Adams v. Howerton
|Adams v. Howerton|
|Court||United States Court of Appeals for the Ninth Circuit|
|Full case name||Richard Frank Adams, et al., v. Joseph D. Howerton|
|Decided||February 25, 1982|
|Prior action(s)||Appeal from the C.D. Cal.|
|Subsequent action(s)||U.S. Supreme Court denied certiorari|
|Judge(s) sitting||J. Clifford Wallace, Thomas Tang, Howard B. Turrentine|
|immigration, same-sex marriage|
Adams v. Howerton, 673 F.2d 1036 (9th Cir. 1982), cert. denied, 458 U.S. 1111 (1982) is a decision from the United States Court of Appeals for the Ninth Circuit that held that the term "spouse" refers to an opposite-sex partner for the purposes of immigration law and that this definition met the standard at the time for rational basis review. It was the first U.S. lawsuit to seek recognition of a same-sex marriage by the federal government.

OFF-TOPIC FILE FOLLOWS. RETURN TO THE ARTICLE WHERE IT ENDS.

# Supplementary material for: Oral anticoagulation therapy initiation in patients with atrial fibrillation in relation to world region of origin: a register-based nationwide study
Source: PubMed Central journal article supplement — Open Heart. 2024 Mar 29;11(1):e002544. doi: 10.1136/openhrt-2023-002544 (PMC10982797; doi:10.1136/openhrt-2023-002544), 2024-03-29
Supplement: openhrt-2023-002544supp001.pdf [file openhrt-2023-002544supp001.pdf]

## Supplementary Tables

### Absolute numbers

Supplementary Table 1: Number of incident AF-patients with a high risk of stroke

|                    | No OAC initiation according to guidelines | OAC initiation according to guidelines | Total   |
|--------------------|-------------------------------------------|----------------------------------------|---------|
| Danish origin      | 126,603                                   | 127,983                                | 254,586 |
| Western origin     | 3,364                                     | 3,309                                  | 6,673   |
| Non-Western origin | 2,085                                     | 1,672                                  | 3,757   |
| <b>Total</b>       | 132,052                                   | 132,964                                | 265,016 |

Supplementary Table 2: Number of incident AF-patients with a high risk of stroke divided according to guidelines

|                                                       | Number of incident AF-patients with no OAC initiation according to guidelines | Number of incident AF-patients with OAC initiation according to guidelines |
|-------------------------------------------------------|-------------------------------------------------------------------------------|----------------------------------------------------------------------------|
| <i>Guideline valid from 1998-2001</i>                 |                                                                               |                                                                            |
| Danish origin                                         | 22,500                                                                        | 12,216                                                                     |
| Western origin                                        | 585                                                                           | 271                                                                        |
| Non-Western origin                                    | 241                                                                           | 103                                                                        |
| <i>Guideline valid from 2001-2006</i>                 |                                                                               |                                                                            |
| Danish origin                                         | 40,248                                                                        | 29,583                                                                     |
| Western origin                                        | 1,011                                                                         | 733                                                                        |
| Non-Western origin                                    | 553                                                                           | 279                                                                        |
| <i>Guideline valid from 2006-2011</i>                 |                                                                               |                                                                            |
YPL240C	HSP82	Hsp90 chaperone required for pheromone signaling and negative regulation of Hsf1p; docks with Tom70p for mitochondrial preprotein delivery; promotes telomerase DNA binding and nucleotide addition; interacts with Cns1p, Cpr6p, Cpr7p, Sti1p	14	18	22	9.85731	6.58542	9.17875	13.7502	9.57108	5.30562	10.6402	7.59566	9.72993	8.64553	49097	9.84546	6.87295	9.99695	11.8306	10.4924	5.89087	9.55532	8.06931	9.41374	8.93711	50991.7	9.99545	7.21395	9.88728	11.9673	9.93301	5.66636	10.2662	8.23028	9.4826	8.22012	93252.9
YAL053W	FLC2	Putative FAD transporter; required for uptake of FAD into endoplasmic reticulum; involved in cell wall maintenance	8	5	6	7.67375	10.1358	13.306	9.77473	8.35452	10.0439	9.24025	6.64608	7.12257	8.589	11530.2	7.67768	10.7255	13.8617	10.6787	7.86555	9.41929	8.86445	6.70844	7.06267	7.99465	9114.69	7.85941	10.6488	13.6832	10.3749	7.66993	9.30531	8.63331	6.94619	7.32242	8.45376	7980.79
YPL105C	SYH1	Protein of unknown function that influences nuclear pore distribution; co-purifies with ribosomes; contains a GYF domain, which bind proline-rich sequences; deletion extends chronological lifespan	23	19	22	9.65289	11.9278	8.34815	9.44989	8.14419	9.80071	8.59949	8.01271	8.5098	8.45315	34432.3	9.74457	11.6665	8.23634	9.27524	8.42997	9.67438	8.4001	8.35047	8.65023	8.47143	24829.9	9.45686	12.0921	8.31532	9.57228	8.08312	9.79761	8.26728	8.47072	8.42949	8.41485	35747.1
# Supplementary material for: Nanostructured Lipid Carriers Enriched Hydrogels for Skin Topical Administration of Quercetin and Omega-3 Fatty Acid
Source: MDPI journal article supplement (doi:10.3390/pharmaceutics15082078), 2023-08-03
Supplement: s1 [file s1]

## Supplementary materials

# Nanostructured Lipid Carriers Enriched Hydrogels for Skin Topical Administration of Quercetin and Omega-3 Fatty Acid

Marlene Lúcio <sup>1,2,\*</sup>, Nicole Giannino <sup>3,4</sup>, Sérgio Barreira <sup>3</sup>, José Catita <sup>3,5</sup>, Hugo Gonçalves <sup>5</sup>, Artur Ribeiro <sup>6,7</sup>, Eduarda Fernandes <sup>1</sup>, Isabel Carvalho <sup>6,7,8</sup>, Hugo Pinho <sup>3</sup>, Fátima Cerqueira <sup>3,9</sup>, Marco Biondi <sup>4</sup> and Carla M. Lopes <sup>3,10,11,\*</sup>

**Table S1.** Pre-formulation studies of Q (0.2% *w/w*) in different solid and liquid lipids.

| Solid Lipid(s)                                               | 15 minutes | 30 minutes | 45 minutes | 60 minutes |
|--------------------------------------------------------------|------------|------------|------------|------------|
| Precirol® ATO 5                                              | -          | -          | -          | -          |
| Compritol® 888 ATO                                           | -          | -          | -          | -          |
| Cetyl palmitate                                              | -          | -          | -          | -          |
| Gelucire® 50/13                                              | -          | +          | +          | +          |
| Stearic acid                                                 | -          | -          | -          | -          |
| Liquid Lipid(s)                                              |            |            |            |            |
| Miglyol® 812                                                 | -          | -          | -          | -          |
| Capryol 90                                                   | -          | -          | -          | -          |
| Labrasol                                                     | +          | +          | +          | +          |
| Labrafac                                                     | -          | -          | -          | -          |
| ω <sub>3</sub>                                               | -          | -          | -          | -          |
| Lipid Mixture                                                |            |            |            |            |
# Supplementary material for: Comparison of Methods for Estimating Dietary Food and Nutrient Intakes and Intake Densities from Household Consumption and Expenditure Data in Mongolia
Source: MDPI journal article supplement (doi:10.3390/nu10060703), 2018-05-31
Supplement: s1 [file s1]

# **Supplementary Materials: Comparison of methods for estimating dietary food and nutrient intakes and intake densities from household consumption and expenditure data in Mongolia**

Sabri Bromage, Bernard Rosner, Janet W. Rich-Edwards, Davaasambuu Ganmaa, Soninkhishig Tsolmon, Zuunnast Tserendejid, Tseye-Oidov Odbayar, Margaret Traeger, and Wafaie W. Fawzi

In 1975, Richard Frank Adams, an American citizen, and Anthony Corbett Sullivan, an immigrant from Australia, were one of several same-sex couples that received marriage licenses from the clerk of Boulder County, Colorado. Adams then petitioned the Immigration and Naturalization Service (INS) for classification of Sullivan as an immediate relative of Adams, on the basis that they were married under Colorado law. The petition was initially denied, with a letter stating that "[Adams and Sullivan] have failed to establish that a bona fide marital relationship can exist between two faggots." A revised letter was later sent, explaining that "[a] marriage between two males is invalid for immigration purposes and cannot be considered a bona fide marital relationship since neither party to the marriage can perform the female functions in marriage." After the INS petition was ultimately denied, they filed suit against the INS in the United States District Court for the Central District of California, alleging that their marriage was valid under both Colorado law and immigration law, and that failure to recognize its validity violated the Fifth Amendment's substantive due process and equal protection components.